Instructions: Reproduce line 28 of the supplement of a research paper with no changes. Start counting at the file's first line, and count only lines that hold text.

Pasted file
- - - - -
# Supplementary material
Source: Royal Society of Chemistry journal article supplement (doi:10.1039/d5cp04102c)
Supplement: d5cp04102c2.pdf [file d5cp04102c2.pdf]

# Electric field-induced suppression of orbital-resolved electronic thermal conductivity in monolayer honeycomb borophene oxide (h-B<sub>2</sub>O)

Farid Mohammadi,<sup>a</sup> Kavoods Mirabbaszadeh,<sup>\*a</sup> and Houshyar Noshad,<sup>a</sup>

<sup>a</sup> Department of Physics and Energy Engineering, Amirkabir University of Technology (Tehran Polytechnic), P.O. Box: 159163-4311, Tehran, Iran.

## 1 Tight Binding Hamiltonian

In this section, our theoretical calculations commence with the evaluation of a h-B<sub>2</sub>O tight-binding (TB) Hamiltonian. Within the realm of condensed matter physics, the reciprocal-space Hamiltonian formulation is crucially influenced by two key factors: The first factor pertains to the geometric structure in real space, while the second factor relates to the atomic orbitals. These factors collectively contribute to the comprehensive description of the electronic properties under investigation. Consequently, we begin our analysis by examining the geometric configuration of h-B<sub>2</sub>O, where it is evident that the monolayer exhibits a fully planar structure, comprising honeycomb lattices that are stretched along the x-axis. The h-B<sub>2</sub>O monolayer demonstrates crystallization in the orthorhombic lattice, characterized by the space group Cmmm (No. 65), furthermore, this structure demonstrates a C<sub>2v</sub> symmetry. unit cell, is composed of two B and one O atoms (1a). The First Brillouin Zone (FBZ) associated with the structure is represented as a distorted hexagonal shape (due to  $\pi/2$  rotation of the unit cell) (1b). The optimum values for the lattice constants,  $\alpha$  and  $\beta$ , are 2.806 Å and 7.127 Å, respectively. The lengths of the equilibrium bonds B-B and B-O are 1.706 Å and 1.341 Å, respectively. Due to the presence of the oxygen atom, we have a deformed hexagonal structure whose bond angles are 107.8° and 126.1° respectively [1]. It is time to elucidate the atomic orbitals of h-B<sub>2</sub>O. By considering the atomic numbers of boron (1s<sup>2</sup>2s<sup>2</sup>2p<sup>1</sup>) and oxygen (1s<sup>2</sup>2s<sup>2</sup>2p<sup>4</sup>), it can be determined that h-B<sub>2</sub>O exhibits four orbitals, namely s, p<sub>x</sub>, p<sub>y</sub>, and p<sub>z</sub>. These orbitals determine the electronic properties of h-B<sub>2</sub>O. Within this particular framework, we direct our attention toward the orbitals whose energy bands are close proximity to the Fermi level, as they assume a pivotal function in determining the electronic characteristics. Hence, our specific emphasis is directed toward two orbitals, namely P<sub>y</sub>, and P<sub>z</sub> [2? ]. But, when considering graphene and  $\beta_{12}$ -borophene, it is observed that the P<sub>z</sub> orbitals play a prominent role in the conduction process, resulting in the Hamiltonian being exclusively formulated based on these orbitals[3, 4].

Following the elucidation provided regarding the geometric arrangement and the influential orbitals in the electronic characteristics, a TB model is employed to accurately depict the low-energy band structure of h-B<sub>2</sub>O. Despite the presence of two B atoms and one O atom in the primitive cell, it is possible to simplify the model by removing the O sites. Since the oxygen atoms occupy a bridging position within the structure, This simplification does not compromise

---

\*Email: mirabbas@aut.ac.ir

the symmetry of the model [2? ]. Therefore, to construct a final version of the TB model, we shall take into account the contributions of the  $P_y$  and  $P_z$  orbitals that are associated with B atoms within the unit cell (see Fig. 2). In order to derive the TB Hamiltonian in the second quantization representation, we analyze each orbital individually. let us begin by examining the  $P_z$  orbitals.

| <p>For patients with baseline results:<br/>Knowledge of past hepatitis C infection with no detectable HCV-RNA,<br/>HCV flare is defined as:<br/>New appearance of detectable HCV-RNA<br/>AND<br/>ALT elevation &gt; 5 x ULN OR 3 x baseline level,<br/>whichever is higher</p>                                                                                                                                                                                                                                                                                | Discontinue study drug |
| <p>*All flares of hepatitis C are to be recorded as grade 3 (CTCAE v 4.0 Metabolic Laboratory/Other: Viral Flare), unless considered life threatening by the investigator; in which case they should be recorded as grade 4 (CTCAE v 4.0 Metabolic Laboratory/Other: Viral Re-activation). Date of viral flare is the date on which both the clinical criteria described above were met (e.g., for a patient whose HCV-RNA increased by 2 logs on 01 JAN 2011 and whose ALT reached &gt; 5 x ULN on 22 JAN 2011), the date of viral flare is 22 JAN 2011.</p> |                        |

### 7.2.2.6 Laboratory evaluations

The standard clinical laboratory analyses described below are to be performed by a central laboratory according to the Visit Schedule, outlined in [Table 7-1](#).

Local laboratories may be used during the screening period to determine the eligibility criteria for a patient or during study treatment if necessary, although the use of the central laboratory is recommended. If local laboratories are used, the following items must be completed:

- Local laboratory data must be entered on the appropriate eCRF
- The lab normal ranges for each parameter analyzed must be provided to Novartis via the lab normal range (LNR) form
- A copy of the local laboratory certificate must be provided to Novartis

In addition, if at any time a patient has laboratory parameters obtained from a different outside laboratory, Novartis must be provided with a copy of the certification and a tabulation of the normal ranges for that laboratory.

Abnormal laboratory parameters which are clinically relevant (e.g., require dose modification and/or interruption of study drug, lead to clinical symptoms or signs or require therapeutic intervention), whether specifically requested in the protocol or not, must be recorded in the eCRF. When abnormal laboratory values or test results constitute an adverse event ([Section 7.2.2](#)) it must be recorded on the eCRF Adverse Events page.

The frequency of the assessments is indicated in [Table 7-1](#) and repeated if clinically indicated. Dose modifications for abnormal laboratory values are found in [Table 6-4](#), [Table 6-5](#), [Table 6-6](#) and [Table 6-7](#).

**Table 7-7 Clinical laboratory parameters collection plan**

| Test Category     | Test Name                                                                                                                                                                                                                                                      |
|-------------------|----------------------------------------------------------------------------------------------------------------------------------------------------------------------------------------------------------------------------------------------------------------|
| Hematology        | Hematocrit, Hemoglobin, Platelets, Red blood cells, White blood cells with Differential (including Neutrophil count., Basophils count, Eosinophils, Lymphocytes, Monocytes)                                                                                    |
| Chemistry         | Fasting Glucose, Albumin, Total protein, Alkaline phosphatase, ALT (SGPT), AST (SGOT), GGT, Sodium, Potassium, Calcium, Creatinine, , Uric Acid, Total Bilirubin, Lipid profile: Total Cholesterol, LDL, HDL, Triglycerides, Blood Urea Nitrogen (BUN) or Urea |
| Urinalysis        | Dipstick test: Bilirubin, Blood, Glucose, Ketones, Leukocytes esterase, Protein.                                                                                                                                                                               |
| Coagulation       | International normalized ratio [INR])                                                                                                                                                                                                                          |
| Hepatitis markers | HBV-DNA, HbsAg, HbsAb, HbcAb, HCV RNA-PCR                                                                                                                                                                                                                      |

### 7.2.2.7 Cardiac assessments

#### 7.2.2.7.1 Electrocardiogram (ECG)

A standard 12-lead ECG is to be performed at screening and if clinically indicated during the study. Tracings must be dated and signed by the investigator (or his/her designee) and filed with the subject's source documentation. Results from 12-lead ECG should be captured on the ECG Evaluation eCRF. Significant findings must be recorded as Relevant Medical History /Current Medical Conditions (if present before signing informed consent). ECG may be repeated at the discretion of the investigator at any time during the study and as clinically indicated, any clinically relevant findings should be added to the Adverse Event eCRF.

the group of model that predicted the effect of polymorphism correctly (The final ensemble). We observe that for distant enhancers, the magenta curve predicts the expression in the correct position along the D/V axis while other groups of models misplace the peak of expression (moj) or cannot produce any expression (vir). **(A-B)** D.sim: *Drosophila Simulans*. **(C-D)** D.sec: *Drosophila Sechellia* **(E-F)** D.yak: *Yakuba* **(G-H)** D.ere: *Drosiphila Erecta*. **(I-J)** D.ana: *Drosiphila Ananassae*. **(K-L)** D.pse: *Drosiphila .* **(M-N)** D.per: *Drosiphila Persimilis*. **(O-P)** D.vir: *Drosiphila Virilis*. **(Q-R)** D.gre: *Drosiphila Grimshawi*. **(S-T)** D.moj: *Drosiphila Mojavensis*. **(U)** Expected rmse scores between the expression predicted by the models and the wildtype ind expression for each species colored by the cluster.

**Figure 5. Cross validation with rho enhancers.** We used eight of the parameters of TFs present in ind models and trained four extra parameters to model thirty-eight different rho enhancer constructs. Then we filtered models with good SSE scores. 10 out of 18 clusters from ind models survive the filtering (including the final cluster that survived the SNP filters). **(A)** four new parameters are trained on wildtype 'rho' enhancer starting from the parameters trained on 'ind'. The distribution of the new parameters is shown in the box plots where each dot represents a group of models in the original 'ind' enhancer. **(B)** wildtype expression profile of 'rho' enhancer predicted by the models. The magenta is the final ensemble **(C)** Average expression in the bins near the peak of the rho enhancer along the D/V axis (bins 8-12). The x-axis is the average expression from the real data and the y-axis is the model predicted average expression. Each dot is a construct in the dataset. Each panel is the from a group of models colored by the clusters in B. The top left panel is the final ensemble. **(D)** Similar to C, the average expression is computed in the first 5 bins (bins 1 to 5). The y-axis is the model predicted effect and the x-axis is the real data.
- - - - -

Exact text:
| Chemistry         | Fasting Glucose, Albumin, Total protein, Alkaline phosphatase, ALT (SGPT), AST (SGOT), GGT, Sodium, Potassium, Calcium, Creatinine, , Uric Acid, Total Bilirubin, Lipid profile: Total Cholesterol, LDL, HDL, Triglycerides, Blood Urea Nitrogen (BUN) or Urea |